Forward Air Controllers, or FACs, in the Southeast Asia conflict were rated pilots whose job it was to
coordinate air-ground operations. FACs could be ground-based with the
troops they were supporting or airborne above the battlefield. The key
to success for this air-ground team was and remains today a close relationship between the
FAC and the supported unit. For this reason, FACs
usually were assigned
to support specific units and live with them. This arrangement has
been used in every U.S. military operation since World War II when
airpower has supported ground forces.
Placing the FAC in an aircraft above the battlefield has proven
most effective and has been used whenever the tactical situation
Southeast Asia, Air Force FACs used three main aircraft: the
Cessna O-1 Bird Dog, the Cessna O-2 Skymaster,
and the North American OV-10 Bronco.
These aircraft provided the low-speed maneuverability and long endurance required for locating and maintaining visual contact with targets over the battlefield.
They also possessed the short, unimproved airfield operating capability needed to live close to the Army.
Each FAC aircraft was equipped with three different radios to coordinate with all the players in the air-ground battle.
An FM radio was provided for communications with the ground forces, a UHF radio to talk to the fighter aircraft, and a VHF radio for contact with the Air Force
Tactical Air Control Party (TACP) to coordinate approvals and requests for air support.
The low performance O-1 and O-2 worked reasonably well during most
of the Vietnam War when the threat consisted primarily of small arms and
light machine guns. Later in the war the threat increased with the
introduction of larger caliber guns and man-portable surface-to-air missiles, and the higher
speed OV-10 became the aircraft of choice. In higher threat areas
in Laos and southern North Vietnam, jet aircraft (the two-seat
F-100F Super Sabres, call sign
Misty, and later the F-4 Phantom II,
call sign Wolf )
were used as fast FACs to direct air strikes against trucks and other targets of opportunity.
The Army used spotters in the O-1 and helicopters, and the Marine Corps employed FACs in the O-1 and OV-10 to control their air assets.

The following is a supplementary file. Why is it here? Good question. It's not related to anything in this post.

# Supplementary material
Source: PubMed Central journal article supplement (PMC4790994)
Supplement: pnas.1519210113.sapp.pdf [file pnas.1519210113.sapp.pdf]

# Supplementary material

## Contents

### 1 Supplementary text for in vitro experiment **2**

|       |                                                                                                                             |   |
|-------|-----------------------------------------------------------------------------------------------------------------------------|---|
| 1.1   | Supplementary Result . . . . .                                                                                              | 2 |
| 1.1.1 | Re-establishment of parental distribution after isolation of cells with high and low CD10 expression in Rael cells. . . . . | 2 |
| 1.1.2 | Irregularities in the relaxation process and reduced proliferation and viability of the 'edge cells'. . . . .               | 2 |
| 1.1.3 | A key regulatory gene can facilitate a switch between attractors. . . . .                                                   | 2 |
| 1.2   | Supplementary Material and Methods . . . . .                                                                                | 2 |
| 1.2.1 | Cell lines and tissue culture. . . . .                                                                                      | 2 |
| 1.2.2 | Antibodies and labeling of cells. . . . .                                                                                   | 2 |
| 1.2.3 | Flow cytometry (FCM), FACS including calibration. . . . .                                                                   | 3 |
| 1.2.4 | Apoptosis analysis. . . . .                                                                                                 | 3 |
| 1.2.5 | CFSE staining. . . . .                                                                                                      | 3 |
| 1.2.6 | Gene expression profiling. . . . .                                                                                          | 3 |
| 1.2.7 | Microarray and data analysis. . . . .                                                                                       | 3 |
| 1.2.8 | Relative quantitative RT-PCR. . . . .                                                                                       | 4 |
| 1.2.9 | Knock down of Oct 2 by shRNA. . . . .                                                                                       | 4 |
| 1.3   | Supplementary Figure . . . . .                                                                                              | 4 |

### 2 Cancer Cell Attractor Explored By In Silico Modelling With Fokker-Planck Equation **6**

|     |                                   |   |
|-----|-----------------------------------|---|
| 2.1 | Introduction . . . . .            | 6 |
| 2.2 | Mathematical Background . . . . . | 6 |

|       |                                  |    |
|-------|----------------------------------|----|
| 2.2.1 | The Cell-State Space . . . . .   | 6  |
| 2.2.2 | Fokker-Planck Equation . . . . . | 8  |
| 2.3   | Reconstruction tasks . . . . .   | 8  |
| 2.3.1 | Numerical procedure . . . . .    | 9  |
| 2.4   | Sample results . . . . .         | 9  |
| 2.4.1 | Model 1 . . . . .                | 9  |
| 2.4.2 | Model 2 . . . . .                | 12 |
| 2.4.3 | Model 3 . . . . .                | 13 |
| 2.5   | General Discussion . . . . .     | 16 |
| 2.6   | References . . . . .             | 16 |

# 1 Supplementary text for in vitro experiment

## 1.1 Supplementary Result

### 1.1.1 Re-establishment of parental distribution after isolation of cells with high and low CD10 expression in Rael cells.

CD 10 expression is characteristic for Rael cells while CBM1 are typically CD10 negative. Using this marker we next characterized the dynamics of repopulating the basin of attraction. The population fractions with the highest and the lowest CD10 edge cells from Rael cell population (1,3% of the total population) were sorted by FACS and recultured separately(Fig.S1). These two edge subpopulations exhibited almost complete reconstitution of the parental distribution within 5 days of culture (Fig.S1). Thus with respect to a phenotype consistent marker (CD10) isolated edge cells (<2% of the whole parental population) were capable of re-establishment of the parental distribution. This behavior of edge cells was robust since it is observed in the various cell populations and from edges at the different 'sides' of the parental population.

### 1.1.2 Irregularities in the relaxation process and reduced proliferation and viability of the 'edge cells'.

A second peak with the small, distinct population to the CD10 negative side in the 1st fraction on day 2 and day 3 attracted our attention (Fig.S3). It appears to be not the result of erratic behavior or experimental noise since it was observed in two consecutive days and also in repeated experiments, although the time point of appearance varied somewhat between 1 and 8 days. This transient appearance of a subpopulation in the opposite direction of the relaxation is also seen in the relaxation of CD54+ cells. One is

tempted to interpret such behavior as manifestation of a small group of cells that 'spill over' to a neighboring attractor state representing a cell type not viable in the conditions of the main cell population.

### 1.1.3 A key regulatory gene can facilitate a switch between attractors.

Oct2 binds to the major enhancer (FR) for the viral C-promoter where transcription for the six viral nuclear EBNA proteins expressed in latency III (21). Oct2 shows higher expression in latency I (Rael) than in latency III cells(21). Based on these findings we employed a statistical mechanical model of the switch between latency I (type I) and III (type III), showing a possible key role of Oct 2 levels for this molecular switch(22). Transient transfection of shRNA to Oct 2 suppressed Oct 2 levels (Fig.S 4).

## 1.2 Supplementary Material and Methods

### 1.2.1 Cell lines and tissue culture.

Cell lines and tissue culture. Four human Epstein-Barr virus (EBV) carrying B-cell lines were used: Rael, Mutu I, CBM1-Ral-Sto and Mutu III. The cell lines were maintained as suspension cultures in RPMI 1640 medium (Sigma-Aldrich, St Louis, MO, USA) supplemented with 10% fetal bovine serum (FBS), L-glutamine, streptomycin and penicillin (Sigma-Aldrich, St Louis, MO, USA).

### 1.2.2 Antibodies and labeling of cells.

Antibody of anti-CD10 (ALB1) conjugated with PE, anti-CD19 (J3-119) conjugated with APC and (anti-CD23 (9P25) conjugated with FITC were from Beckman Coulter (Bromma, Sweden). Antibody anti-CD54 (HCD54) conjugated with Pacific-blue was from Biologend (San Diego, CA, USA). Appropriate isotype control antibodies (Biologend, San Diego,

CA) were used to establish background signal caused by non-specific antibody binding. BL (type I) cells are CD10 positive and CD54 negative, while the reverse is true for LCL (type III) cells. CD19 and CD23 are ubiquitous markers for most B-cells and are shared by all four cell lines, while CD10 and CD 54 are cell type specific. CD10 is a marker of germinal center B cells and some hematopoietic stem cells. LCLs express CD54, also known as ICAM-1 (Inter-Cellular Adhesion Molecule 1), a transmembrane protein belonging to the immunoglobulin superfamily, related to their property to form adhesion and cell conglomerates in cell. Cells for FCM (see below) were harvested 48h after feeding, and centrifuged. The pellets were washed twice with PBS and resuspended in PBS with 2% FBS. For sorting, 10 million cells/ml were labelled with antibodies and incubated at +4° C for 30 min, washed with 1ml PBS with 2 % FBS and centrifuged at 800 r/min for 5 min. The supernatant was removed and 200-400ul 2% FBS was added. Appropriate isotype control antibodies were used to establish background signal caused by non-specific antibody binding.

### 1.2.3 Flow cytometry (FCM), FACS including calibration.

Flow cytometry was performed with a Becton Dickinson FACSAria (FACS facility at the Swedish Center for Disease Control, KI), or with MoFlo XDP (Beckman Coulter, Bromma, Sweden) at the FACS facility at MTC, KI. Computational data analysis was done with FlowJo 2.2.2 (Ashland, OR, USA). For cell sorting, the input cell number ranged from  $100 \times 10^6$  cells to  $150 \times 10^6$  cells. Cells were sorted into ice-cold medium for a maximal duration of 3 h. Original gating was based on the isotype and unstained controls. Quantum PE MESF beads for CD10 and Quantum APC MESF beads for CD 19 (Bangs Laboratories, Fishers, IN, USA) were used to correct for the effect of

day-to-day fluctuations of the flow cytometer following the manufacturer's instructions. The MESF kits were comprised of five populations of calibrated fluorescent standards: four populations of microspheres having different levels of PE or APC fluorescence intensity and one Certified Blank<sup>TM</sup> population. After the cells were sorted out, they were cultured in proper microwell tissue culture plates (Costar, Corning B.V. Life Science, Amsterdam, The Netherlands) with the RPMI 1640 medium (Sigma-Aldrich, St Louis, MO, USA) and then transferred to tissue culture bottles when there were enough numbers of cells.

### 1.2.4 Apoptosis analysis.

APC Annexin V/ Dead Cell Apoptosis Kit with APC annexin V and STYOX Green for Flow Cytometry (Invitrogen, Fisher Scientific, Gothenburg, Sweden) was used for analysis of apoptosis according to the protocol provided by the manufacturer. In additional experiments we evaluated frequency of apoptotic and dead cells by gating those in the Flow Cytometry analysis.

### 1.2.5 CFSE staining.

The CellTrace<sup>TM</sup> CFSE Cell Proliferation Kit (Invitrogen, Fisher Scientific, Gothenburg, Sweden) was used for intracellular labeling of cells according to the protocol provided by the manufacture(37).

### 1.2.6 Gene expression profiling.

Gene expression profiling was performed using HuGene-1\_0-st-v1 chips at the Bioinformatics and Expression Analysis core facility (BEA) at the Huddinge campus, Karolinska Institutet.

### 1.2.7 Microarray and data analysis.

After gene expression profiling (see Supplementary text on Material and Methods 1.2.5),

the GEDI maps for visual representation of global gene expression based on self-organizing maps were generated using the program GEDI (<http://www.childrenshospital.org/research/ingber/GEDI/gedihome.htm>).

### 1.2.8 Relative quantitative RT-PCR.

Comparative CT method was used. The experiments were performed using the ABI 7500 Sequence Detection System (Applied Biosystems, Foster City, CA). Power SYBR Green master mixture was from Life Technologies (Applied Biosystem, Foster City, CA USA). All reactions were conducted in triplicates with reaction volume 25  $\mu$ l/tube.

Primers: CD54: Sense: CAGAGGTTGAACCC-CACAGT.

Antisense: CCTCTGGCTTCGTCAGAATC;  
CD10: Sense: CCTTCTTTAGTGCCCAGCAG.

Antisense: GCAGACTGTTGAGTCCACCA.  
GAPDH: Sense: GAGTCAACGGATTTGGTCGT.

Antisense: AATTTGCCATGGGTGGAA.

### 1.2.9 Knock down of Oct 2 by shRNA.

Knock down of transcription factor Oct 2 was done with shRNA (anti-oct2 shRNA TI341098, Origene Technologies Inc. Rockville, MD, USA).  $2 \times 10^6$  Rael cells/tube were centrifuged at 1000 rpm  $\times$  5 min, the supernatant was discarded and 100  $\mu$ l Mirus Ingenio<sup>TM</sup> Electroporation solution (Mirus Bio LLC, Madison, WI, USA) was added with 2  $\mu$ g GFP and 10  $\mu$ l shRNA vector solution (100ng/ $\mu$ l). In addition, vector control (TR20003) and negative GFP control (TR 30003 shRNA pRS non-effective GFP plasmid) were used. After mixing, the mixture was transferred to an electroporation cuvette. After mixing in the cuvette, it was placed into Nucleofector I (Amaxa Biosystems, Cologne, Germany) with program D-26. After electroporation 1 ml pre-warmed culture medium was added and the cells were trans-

Forward Air Controllers in Southeast Asia were drawn from a variety
of sources. Through an agreement with the Army, all FACs assigned to
support U.S. units had experience as fighter pilots delivering
air-to-ground ordnance. Other pilots were assigned to support Free
World forces (the Army of the Republic of Vietnam, or ARVN, and the
Republic of Korea -- ROK --
army) or as sector FACs with a geographic responsibility. All FAC
candidates attended the Air-Ground Operations School (AGOS) at Hurlburt
Field in Florida (also known as FAC U.) to learn procedures for
coordinating and managing the air-ground battle. Checkout in the O-1
and O-2 was accomplished at nearby Holly Field. Because final unit
assignment was not made until arrival in the theater of
operations, some pilots trained in the O-1 at Holly were assigned to
O-2 units and received training in that aircraft after arrival in Vietnam.
I received my in-country O-2 checkout at Phan Rang AB.
All USAF crew members were required to accomplish Survival,
Escape and Evasion Training at Fairchild AFB in Washington as well as
USAF Jungle Survival School ("Snake School") * at Clark AB in the
Air Force FACs were assigned to Tactical Air Support Squadrons
(TASS) for administrative purposes but served in locations across
Southeast Asia. There were four TASS in South Vietnam (19th thru 22nd,
one for each Corp area) and one (23rd) assigned in Thailand.
Click here for a short history of forward air controllers
and their aircraft.
Click here to download a copy of the USAF Air University book
Mosquitoes to Wolves, a history of the evolution of airborne forward air controllers from Korea through the end of the Southeast Asia conflict.
Click here for more on the US Air Force in the war in Southeast Asia.